and one member rings, the basic programs operate without making special cases.
Subroutines are used for setting up new n-component elements in free spaces in
the storage structure. As parts of the drawing are deleted, the registers which
were used to represent them become free. New components are set up at the end of the
storage area, lengthening it, while free blocks are allowed to accumulate. Garbage collection
periodically compacts the storage structure by removal of the free blocks.
Generic structure, hierarchies
The main part of Sketchpad can perform basic operations on any drawing part, calling
for help from routines specific to particular types of parts when that is necessary.
For example, the main program can show any part on the display system by calling
the appropriate display subroutine. The big power of the clear-cut separation of the
general and the specific is that it is easy to change the details of specific parts
of the program to get quite different results without any need to change the general
In the data storage structure the separation of general and specific is accomplished by
collecting all things of one type together in a ring under a generic heading.
The generic heading contains all the information which makes this type of thing different
from all other types of things. Thus the data storage structure itself contains all
the specific information. The generic blocks are further gathered together under
super-generic or generic-generic blocks, as shown in Figure 5.
|Figure 5. Generic structure. The n-component elements for each point or line, etc., are collected under the generic blocks “lines,” “points,” etc., shown.|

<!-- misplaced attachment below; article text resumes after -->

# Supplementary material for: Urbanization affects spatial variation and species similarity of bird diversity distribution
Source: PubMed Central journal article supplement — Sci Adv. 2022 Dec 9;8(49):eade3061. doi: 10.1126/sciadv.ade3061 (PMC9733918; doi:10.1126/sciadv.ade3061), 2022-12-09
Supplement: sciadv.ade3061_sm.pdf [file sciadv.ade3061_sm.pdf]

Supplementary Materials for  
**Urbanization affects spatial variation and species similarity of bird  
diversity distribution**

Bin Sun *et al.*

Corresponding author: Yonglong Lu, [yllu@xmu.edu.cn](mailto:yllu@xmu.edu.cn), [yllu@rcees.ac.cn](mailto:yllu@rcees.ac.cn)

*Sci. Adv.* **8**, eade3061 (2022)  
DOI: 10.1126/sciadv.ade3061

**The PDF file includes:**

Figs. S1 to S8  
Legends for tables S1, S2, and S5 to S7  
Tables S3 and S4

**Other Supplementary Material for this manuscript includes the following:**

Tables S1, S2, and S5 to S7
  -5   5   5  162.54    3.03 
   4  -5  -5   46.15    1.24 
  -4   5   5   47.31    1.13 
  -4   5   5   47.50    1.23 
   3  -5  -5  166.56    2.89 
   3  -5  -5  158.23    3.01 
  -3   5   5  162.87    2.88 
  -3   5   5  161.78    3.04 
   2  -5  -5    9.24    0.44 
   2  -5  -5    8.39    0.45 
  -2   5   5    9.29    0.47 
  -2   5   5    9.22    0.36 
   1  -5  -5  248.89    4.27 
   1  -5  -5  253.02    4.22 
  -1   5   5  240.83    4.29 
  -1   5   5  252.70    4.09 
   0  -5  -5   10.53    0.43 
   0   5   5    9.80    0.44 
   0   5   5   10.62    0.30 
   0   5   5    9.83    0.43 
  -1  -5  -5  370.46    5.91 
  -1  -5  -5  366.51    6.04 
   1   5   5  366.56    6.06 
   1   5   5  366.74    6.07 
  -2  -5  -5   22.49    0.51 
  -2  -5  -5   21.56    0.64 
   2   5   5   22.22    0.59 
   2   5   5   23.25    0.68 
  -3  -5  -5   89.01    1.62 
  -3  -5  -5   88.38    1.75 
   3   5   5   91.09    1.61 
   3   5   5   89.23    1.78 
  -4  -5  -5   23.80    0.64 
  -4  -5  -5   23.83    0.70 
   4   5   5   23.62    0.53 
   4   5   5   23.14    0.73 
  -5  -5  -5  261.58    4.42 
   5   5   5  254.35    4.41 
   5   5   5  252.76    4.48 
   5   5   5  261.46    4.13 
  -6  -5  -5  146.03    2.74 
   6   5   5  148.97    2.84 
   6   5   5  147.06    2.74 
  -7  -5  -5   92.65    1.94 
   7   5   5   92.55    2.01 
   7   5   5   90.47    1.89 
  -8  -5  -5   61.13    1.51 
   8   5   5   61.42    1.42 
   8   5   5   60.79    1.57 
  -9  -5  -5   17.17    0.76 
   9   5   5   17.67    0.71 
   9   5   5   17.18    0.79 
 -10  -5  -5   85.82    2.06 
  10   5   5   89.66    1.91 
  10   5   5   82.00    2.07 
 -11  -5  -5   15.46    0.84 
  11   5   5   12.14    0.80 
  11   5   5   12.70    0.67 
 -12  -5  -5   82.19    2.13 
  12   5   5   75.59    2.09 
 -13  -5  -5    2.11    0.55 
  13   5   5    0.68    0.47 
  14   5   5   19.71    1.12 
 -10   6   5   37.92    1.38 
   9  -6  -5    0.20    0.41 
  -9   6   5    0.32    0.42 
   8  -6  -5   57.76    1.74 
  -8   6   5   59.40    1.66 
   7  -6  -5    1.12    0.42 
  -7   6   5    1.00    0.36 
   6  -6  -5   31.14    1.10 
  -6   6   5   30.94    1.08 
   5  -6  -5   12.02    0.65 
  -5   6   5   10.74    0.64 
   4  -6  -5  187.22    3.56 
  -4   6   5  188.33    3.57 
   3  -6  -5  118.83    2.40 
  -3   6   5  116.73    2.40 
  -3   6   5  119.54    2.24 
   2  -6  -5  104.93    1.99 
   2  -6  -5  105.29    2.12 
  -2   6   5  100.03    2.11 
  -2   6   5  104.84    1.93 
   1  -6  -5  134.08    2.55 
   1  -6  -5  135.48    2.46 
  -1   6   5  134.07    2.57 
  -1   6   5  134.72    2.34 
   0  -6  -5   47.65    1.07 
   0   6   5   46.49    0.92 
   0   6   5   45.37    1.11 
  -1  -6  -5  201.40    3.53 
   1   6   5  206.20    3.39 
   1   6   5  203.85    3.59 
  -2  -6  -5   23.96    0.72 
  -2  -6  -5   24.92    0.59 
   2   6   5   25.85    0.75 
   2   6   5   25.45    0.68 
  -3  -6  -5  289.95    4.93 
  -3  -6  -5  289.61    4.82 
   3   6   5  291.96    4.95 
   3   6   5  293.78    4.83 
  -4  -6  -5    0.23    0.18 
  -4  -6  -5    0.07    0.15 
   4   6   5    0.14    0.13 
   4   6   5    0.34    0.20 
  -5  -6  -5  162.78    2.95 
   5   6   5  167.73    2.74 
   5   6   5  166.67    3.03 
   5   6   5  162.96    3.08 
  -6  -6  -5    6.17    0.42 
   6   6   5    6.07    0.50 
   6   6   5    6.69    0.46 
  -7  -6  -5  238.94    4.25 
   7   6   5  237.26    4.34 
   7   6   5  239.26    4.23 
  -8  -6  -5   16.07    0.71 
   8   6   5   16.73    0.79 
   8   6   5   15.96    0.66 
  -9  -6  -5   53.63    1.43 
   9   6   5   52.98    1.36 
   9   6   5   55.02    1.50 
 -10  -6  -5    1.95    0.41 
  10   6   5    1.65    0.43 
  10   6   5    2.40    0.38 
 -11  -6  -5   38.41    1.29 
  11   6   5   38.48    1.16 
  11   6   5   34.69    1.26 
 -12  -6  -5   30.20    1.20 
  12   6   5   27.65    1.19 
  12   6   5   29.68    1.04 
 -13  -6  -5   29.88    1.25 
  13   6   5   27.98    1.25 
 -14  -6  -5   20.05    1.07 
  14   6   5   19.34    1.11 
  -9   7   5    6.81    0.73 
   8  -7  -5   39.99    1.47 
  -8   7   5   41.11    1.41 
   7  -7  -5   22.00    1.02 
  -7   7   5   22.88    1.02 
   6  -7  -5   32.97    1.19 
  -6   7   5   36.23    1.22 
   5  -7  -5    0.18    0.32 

Addition of new types of things to the Sketchpad system’s vocabulary of picture
parts requires only the construction of a new generic block (about 20 registers) and
the writing of appropriate subroutines for the new type. The subroutines might be
easy to write, as they usually are for new constraints, or difficult to write, as
for adding ellipse capability, but at least a finite, well-defined task faces one to
add a new ability to the system. Without a generic structure it would be
almost impossible to add the instructions required to handle a new type of element.
III. Light pen
In Sketchpad the light pen* is time shared between the
functions of coordinate input for positioning picture parts on the drawing and
demonstrative input for pointing to existing picture parts to make changes. Although almost
any kind of coordinate input device could be used instead of the light pen for
positioning, the demonstrative input uses the light pen optics as a sort of
analog computer to remove from consideration all but a very few picture parts which
happen to fall within its field of view, saving considerable program time. Drawing
systems using storage display devices of the Memotron type may not be practical because
of the loss of this analog computation feature.
To initially establish pen tracking, the Sketchpad user must inform the computer